By Richard Higginbotham, Marketing Manager at Transactis.
Where to start
Winning back customers is not a straightforward task, especially in today’s world of consumer choice. The starting point should always be to actually know which lapsed customers are actually worth seeking to win back.
The key is to take all available customer data, to understand the individual’s behaviour and then use that information to inform the targeting, the message and the offer in the communications. And the best data to enable this is transactional data, which can indicate when buying patterns are changing. Other data, such as customer satisfaction data, can be used, but it is not the most credible or reliable information to use.
To really understand a customer’s behaviour and relationship with a product or a supplier it is necessary to have a 360° view that takes in all of the knowledge a company has about the customer.
The best way to achieve this is by setting up a single customer view (SCV) database that brings together data from all departments including orders, deliveries, marketing, customer services, CRM, etc, and holding it in one place.
Single Customer View
This ensures marketers are operating with up-to-date information and are not sending conflicting messages from different parts of the company. For instance, without an SCV database, one part of an organisation might contact an ex-customer that it wants to win back and treat them like a new customer, rather than acknowledging the fact they used to be a customer. Instead an SCV can help inform a fresh approach to get the customer to come back.
It can also help marketers avoid viewing customer behaviour in isolation. Taking home shopping as an example, viewing a customer purely as a catalogue customer and not viewing all interactions the customer has with the organisation could result in the customer’s online activity being ignored. As a result, marketers could fail to communicate with the customer in the best possible way that maximises ROI.
For instance, a customer might be very happy ordering through a catalogue or over the phone, but finds online ordering not very user friendly. Viewed purely as an online customer a marketer might ignore them as being of little value but by viewing the customer’s entire interactions with the firm it might be discovered that, with a little help and encouragement, they could turn into a very profitable online customer.
An SCV database can also help organisations avoid making assumptions about customers and, instead, provide a detailed picture of every customer.
It is too easy for marketers to make assumptions about customer behaviour based on demographic profiles – something that was highlighted in our recently published Online Retail Index report, which showed that typically loyal middle-aged home shoppers who tend to be very loyal to their catalogues are actually more promiscuous when they shop online.
Since the greatest growth in online shopping activity was found to be coming from 35 to 54-year olds this sort of information is invaluable in informing marketing strategies.
Finally, having a single, secure database also makes data safer and easier to manage, with a team overseeing what data can be used and what cannot.
When to start win-back activity
Aside from identifying customers for win-back it is essential to establish the point at which win-back activity should be initiated. Data on recency and frequency of purchase is crucial for managing retention and switching customers to win-back.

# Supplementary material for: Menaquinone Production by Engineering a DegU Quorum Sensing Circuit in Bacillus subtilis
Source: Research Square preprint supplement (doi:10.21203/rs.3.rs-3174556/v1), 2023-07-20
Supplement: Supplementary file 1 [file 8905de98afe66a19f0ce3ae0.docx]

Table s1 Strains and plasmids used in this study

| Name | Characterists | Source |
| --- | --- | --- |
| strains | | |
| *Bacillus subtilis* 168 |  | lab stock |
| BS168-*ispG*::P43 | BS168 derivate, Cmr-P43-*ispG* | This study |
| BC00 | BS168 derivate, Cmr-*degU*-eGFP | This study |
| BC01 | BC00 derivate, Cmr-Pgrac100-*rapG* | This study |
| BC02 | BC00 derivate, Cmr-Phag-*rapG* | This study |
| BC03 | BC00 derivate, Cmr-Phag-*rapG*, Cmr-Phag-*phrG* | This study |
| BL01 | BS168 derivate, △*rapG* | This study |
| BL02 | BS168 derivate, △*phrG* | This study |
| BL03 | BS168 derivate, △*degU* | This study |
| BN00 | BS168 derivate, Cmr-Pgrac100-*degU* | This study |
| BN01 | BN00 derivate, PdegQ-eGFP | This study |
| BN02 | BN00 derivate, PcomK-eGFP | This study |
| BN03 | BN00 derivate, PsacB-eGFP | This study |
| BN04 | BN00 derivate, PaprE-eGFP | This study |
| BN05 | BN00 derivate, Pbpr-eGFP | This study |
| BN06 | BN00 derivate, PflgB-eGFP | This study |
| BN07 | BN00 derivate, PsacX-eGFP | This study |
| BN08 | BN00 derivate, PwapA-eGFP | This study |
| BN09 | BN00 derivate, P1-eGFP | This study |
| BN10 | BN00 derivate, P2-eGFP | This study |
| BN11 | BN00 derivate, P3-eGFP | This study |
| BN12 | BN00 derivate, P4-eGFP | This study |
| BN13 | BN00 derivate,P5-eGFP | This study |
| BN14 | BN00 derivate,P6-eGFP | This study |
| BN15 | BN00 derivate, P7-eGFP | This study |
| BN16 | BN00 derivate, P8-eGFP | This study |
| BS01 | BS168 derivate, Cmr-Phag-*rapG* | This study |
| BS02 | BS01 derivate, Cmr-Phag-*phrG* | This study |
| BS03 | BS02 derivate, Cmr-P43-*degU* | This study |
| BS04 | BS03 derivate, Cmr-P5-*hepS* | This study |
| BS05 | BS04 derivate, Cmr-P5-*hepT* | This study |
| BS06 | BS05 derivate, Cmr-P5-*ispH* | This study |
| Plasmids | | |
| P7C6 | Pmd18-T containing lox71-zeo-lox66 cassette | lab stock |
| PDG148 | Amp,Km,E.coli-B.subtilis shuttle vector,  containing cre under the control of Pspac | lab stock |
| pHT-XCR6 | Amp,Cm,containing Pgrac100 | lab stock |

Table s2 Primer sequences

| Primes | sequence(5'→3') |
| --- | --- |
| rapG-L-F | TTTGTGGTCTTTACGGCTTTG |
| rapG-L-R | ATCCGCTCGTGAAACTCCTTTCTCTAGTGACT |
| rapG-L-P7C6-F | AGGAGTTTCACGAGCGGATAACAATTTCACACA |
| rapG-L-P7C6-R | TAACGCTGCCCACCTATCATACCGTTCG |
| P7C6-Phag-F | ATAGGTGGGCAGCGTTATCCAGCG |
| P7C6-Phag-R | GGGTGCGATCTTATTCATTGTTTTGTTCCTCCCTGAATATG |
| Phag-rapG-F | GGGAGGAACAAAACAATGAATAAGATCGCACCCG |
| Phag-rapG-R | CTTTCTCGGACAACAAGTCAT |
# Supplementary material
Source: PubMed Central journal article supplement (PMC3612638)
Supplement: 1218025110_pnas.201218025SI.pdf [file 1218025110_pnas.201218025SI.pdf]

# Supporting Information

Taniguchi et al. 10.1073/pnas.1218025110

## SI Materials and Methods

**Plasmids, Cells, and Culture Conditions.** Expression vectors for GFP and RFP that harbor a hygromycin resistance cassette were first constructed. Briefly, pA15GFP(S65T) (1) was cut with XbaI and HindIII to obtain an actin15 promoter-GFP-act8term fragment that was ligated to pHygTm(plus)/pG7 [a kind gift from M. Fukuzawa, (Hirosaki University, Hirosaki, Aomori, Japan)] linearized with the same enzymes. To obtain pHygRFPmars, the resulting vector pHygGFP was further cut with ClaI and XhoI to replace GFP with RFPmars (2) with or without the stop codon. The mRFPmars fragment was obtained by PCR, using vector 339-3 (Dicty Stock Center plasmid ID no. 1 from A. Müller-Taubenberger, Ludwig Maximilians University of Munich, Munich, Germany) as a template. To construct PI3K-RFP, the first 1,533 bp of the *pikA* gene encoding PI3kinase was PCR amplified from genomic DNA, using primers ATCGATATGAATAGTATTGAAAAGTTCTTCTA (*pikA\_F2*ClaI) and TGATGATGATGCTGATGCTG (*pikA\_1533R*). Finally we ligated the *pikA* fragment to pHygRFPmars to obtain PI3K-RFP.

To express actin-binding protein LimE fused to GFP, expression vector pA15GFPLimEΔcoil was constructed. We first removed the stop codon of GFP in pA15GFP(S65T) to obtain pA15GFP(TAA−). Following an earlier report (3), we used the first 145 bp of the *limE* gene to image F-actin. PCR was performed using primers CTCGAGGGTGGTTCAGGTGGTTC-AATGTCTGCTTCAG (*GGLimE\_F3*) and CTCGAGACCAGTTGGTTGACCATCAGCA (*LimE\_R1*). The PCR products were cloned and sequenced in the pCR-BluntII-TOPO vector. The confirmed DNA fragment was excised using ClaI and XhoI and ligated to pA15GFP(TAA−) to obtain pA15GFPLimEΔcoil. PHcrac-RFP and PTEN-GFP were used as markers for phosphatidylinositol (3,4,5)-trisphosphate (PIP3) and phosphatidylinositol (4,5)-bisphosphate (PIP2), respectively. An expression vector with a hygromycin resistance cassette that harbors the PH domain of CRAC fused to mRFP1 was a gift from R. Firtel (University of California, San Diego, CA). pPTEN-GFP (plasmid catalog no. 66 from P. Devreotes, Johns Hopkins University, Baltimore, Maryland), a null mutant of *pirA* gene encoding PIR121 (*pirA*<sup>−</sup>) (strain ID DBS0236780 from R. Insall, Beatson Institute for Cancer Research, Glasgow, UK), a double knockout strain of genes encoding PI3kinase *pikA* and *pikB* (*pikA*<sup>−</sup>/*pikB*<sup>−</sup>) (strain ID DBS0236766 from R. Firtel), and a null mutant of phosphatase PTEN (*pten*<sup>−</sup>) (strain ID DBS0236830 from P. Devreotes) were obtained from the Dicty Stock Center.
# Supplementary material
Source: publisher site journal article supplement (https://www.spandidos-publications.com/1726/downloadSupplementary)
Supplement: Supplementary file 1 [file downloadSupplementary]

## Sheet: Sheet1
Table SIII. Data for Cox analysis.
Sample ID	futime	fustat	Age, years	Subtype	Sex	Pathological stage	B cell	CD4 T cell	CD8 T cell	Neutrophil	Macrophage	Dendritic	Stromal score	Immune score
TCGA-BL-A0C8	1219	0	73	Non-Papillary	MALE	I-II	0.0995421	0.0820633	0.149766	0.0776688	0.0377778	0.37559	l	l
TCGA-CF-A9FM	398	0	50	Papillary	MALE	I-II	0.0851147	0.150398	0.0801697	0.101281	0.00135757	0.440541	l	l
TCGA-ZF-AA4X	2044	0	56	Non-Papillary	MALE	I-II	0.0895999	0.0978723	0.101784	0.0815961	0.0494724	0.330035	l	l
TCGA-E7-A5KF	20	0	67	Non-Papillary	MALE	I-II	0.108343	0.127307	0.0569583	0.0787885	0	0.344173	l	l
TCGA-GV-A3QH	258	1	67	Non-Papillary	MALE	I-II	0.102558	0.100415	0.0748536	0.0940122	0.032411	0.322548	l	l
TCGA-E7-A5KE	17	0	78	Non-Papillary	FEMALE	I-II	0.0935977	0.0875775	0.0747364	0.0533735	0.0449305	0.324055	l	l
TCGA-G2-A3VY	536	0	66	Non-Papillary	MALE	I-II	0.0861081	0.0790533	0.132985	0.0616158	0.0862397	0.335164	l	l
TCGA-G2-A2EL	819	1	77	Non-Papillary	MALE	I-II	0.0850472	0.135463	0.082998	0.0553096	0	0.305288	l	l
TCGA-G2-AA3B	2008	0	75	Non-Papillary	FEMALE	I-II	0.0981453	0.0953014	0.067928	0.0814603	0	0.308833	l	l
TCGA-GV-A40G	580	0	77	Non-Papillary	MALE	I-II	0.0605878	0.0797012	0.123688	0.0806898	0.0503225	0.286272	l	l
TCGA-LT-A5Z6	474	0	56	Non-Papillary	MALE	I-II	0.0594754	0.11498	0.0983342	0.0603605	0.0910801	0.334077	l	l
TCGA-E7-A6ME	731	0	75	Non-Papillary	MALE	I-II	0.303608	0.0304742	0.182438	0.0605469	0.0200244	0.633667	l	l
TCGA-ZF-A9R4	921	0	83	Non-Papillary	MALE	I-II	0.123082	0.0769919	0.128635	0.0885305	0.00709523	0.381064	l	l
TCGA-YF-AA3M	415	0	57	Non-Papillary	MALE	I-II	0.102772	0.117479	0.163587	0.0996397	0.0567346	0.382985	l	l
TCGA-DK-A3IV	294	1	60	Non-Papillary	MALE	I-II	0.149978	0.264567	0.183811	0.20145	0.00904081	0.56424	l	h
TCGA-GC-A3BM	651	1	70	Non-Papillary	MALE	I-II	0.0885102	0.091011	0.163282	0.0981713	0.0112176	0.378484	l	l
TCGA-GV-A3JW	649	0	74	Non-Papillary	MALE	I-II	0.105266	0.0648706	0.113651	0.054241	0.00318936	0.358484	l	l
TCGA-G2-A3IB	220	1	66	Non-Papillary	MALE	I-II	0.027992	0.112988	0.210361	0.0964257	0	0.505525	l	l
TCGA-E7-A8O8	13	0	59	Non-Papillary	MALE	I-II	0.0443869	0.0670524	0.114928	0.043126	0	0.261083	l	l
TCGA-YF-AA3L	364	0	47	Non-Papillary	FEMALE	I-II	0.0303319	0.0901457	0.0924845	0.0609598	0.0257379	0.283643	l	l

If a customer is on a contract that is coming to an end changes in their behaviour can highlight a risk of churn. Repeat transactions start to look different.
For mail order firms and retailers there is no contract and therefore no obligation on the customer’s part to keep buying. This makes it more difficult to identify a point at which a customer should be considered as lapsed. If a customer hasn’t made a purchase for a long time it is unlikely they will do so soon. But how long should this period of inactivity last before the customer is classed as lapsed?
Some firms still count customers in their customerbase even if they haven’t made a purchase for three years. This is mainly because of the impact it would have on internal reporting – classing a customer as lapsed or churned would reduce the volume of the customerbase and not make a good impression on the board.
Instead, firms should start a 6-month pending lapsed stream to account for customers whose change in behaviour suggests they might be about to jump ship. These customers can then be targeted with communications and offers designed to keep them spending rather than looking for better deals elsewhere.
Finally, cohort analysis can help identify points in the customer journey where pre-emptive action can be initiated. By taking customers who have joined in the last week and comparing them to customer who joined in another week, the customer journey can be mapped to provide a view of what is likely to happen 2, 3 or 6 months on.
For example, a telecoms provider has invited people to switch to them. Analysis of the customer journey shows that some get cold feet after they receive the welcome pack, regret the decision to switch and cancel the contract.
Others cancel after receiving the first bill when it transpires they aren’t getting exactly what was promised. As churn or a drop in activity is shown to occur at particular times the telecoms provider can pinpoint steps in the customer journey that need attention.
The most important thing for firms to remember when embarking upon win-back campaigns is to carefully analyse customer data and look beyond top-line conclusions in order to be able to communicate with ex-customers, or those who look likely to lapse, in a personalised and targeted fashion based on purchasing histories and other available data.
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